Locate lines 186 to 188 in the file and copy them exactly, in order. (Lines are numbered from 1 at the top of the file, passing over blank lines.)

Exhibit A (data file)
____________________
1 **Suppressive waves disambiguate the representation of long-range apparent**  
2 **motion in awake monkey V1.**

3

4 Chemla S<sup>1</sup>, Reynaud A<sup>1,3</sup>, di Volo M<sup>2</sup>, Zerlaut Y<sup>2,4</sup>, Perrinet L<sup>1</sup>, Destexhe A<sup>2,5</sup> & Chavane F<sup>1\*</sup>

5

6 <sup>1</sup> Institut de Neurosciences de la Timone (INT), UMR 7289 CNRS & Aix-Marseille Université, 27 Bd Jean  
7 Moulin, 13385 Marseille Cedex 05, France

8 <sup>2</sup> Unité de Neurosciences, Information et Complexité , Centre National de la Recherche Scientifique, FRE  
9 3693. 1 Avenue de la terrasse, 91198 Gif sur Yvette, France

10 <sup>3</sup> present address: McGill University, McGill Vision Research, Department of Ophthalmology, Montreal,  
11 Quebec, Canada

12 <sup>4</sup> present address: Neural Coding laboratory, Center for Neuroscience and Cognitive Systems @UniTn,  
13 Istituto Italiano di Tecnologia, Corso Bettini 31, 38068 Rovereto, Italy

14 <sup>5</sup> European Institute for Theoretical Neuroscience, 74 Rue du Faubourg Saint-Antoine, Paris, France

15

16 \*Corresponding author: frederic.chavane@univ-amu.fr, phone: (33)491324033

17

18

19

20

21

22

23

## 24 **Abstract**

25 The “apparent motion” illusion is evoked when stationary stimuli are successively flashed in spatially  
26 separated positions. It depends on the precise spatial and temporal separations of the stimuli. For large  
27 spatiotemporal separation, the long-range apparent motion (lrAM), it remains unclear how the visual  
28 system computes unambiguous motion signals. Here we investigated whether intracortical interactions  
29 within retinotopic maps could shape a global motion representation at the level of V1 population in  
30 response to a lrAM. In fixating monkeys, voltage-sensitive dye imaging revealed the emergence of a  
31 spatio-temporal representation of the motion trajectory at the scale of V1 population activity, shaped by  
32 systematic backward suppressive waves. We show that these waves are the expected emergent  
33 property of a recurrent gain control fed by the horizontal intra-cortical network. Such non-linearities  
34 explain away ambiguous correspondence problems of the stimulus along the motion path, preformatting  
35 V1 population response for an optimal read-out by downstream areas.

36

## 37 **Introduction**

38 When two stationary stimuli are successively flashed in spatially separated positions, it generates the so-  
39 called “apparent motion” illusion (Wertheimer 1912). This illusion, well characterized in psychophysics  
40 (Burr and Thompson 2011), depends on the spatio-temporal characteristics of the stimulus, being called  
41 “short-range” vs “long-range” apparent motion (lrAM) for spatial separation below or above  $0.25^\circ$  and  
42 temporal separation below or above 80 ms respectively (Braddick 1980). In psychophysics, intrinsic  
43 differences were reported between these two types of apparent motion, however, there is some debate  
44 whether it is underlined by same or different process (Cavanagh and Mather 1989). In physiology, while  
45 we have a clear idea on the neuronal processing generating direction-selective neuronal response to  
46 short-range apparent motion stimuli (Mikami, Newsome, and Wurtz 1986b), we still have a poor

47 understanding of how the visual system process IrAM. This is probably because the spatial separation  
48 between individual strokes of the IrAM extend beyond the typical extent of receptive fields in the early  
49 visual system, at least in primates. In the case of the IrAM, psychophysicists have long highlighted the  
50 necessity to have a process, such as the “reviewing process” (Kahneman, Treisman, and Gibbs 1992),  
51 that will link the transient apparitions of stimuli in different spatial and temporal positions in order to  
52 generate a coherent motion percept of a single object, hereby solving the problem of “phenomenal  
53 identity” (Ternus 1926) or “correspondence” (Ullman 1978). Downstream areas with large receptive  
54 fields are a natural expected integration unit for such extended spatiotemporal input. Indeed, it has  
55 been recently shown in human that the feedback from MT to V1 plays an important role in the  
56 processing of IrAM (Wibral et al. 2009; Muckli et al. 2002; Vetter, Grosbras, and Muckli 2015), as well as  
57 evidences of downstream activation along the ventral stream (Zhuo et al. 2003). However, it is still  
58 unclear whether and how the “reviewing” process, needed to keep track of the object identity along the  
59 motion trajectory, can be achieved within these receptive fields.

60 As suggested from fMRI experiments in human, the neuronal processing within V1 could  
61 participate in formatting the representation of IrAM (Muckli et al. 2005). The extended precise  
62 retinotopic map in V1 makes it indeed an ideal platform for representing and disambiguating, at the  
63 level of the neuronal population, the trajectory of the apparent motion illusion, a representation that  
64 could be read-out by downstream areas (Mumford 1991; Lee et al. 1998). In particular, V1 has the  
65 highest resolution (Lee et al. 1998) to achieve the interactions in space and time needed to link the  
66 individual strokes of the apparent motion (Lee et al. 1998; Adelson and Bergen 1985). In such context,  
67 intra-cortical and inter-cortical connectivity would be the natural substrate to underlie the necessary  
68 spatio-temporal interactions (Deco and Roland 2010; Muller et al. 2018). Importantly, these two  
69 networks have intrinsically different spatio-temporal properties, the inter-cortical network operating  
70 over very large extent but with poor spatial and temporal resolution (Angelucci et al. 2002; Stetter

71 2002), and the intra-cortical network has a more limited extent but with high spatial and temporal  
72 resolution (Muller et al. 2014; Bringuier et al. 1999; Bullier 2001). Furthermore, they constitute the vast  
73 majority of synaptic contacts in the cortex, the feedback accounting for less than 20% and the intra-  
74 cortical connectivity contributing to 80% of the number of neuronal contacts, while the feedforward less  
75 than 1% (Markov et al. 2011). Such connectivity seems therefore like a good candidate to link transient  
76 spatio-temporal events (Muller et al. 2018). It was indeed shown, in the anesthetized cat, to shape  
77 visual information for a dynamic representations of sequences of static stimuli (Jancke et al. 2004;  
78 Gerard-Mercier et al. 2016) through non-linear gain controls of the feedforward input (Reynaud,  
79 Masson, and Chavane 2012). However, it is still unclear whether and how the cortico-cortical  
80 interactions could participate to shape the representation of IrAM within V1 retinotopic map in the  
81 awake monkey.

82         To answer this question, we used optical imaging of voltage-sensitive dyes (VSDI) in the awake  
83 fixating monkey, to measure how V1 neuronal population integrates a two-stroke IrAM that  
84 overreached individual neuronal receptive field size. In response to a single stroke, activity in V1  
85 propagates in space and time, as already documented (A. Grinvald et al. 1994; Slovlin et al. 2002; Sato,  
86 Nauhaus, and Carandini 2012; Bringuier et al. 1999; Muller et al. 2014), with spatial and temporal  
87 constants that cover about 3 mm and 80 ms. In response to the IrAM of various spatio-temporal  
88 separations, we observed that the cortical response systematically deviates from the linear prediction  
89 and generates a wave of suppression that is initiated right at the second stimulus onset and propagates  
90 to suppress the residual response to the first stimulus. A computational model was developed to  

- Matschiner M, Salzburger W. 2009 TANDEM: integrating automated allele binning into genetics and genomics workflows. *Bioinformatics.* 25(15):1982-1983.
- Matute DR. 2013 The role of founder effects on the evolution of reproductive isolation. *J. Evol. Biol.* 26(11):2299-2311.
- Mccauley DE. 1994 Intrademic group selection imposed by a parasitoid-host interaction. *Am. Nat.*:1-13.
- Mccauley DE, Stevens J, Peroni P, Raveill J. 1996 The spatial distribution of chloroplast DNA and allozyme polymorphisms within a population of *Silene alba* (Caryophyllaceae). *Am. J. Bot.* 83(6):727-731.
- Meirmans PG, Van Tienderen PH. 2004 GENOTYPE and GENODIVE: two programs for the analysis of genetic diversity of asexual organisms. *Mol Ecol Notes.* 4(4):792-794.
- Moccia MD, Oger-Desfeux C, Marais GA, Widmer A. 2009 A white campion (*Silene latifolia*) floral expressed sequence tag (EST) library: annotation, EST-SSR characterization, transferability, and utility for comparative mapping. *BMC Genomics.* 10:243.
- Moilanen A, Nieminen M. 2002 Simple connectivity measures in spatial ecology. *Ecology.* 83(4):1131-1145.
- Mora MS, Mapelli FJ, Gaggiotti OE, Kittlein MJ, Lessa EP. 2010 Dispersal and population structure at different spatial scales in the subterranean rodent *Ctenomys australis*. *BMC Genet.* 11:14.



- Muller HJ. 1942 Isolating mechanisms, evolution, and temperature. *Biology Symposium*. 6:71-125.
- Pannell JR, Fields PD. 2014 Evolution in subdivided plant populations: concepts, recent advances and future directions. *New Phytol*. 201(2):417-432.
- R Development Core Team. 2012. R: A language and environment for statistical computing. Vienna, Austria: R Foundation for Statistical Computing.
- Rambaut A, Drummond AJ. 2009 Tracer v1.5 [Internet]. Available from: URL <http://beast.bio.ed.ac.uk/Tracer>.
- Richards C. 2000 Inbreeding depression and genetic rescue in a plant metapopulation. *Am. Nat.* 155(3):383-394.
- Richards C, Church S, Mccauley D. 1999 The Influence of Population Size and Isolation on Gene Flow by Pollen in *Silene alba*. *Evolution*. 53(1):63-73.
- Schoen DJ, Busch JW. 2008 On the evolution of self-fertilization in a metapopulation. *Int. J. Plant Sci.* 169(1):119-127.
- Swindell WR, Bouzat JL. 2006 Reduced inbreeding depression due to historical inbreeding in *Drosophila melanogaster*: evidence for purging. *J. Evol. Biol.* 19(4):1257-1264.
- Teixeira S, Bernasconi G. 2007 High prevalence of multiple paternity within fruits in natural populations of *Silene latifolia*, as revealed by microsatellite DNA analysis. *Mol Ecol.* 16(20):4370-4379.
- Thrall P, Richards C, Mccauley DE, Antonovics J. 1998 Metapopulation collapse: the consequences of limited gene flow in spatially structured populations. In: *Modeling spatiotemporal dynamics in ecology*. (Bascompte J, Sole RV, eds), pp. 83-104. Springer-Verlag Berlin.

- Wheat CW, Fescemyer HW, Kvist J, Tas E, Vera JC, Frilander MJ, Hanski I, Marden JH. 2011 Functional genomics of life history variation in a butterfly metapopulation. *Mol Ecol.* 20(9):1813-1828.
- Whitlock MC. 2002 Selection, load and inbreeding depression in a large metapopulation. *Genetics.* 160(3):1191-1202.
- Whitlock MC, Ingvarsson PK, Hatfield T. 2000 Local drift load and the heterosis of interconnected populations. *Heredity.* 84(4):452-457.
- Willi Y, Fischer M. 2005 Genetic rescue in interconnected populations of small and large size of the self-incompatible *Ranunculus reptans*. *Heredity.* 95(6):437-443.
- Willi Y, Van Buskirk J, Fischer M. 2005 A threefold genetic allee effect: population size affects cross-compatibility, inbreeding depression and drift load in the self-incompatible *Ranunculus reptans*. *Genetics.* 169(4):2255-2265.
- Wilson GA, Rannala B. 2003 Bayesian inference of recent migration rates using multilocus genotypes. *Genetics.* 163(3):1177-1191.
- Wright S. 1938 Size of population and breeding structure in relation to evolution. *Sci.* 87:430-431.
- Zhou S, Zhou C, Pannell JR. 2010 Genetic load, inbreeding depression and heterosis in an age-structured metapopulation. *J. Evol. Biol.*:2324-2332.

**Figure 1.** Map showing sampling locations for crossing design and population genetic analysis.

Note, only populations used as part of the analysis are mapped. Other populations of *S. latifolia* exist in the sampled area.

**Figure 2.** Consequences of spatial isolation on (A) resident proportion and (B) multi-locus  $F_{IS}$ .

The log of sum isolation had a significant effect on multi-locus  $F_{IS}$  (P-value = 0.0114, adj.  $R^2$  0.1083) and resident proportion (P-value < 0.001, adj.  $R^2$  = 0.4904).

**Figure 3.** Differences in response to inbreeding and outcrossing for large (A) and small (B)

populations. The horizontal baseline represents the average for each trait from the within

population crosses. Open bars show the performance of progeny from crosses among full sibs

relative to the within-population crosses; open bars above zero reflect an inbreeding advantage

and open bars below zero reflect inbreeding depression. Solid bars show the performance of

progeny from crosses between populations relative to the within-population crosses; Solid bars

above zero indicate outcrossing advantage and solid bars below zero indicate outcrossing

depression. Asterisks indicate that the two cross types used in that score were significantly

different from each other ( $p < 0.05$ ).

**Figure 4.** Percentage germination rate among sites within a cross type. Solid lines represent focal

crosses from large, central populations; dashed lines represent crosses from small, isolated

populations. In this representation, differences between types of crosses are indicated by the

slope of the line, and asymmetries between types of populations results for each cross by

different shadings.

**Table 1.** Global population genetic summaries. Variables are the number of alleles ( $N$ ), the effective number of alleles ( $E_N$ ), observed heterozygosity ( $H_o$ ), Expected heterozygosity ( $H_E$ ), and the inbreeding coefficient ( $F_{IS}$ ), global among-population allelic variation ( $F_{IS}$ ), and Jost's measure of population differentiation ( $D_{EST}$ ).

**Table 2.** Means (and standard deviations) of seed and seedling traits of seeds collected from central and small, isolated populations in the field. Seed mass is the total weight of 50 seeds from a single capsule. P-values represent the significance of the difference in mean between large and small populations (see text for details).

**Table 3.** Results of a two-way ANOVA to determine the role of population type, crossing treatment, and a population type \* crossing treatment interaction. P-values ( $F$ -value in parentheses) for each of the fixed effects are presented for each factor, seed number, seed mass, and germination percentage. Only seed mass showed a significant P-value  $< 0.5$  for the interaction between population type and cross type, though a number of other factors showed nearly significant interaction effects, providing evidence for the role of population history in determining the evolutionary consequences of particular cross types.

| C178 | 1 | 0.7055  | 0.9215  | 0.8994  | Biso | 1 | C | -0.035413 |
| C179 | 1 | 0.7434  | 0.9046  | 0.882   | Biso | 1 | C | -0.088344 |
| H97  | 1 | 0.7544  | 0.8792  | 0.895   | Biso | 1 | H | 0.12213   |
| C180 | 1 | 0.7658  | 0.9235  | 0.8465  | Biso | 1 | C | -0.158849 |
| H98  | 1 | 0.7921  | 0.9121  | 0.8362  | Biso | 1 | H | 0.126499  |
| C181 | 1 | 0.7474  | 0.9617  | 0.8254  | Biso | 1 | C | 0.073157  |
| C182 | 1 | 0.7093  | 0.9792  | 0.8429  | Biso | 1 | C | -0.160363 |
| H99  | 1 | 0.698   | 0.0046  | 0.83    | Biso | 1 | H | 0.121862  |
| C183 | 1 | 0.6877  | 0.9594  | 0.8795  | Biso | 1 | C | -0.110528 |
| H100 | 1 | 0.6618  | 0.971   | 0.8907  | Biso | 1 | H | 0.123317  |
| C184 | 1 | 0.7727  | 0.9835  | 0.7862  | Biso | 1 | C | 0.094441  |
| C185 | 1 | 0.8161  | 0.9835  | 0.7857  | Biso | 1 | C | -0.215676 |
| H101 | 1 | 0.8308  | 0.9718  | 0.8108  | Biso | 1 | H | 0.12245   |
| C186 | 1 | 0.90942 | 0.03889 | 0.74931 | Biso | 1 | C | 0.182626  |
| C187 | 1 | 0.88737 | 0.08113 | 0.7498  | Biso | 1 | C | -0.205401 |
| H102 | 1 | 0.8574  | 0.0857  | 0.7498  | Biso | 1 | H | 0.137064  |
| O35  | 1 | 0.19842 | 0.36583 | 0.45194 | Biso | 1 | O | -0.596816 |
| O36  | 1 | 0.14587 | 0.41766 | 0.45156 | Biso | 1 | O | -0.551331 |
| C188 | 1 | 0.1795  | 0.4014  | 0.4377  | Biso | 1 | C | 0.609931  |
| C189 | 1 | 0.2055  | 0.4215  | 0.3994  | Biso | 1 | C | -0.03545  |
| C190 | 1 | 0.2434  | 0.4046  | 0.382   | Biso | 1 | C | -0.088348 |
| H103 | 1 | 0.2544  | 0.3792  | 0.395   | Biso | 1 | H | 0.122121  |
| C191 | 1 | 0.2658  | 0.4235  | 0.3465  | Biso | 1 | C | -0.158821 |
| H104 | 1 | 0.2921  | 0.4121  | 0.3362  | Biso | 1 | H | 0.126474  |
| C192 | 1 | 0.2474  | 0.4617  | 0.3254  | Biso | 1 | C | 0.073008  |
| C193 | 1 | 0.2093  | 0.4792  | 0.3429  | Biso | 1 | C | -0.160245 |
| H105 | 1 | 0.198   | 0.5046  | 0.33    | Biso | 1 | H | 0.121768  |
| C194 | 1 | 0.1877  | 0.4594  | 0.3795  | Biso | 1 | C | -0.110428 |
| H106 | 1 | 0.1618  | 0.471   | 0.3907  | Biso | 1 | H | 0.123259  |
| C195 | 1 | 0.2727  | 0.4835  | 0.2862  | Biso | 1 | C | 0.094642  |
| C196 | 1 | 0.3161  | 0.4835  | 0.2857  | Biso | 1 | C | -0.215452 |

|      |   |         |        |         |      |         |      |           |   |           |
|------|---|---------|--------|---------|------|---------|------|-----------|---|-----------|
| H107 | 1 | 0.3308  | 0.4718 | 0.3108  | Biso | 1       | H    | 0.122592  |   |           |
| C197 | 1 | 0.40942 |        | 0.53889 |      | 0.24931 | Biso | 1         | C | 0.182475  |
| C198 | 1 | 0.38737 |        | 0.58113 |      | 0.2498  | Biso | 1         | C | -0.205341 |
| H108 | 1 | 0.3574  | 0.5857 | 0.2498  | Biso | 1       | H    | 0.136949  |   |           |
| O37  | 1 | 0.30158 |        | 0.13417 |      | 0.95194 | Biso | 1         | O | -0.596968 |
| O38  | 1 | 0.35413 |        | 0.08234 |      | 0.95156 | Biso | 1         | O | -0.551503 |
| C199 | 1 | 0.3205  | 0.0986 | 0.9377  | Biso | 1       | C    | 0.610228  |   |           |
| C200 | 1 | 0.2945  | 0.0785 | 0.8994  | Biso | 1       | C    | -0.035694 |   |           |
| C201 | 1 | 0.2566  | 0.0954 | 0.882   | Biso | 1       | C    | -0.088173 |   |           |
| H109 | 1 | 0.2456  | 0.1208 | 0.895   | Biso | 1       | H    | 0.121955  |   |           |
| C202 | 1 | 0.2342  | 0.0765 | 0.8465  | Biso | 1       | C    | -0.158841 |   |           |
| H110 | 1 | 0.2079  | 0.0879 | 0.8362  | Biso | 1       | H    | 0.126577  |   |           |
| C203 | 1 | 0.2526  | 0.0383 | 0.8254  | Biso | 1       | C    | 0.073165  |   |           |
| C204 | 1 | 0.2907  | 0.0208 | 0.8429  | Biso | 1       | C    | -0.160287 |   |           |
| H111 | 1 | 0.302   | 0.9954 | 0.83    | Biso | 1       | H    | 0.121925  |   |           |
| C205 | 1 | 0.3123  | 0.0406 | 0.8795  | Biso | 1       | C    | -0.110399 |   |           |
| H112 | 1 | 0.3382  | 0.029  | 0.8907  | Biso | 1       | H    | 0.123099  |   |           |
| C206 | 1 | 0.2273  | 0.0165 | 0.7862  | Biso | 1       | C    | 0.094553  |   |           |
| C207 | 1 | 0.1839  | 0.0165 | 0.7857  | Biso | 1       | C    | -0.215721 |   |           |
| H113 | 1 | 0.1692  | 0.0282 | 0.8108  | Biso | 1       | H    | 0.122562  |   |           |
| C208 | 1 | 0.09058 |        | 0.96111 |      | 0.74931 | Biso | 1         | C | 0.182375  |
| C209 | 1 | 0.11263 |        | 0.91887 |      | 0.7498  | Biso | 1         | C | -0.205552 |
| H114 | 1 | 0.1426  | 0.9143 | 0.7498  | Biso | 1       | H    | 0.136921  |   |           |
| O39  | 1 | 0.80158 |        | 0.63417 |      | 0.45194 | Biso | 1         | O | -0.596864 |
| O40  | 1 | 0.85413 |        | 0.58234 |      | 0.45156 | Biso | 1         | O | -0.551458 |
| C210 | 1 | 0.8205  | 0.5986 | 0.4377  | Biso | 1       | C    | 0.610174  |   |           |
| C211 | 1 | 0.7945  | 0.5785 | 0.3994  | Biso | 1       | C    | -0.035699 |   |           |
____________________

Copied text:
| C205 | 1 | 0.3123  | 0.0406 | 0.8795  | Biso | 1       | C    | -0.110399 |   |           |
| H112 | 1 | 0.3382  | 0.029  | 0.8907  | Biso | 1       | H    | 0.123099  |   |           |
| C206 | 1 | 0.2273  | 0.0165 | 0.7862  | Biso | 1       | C    | 0.094553  |   |           |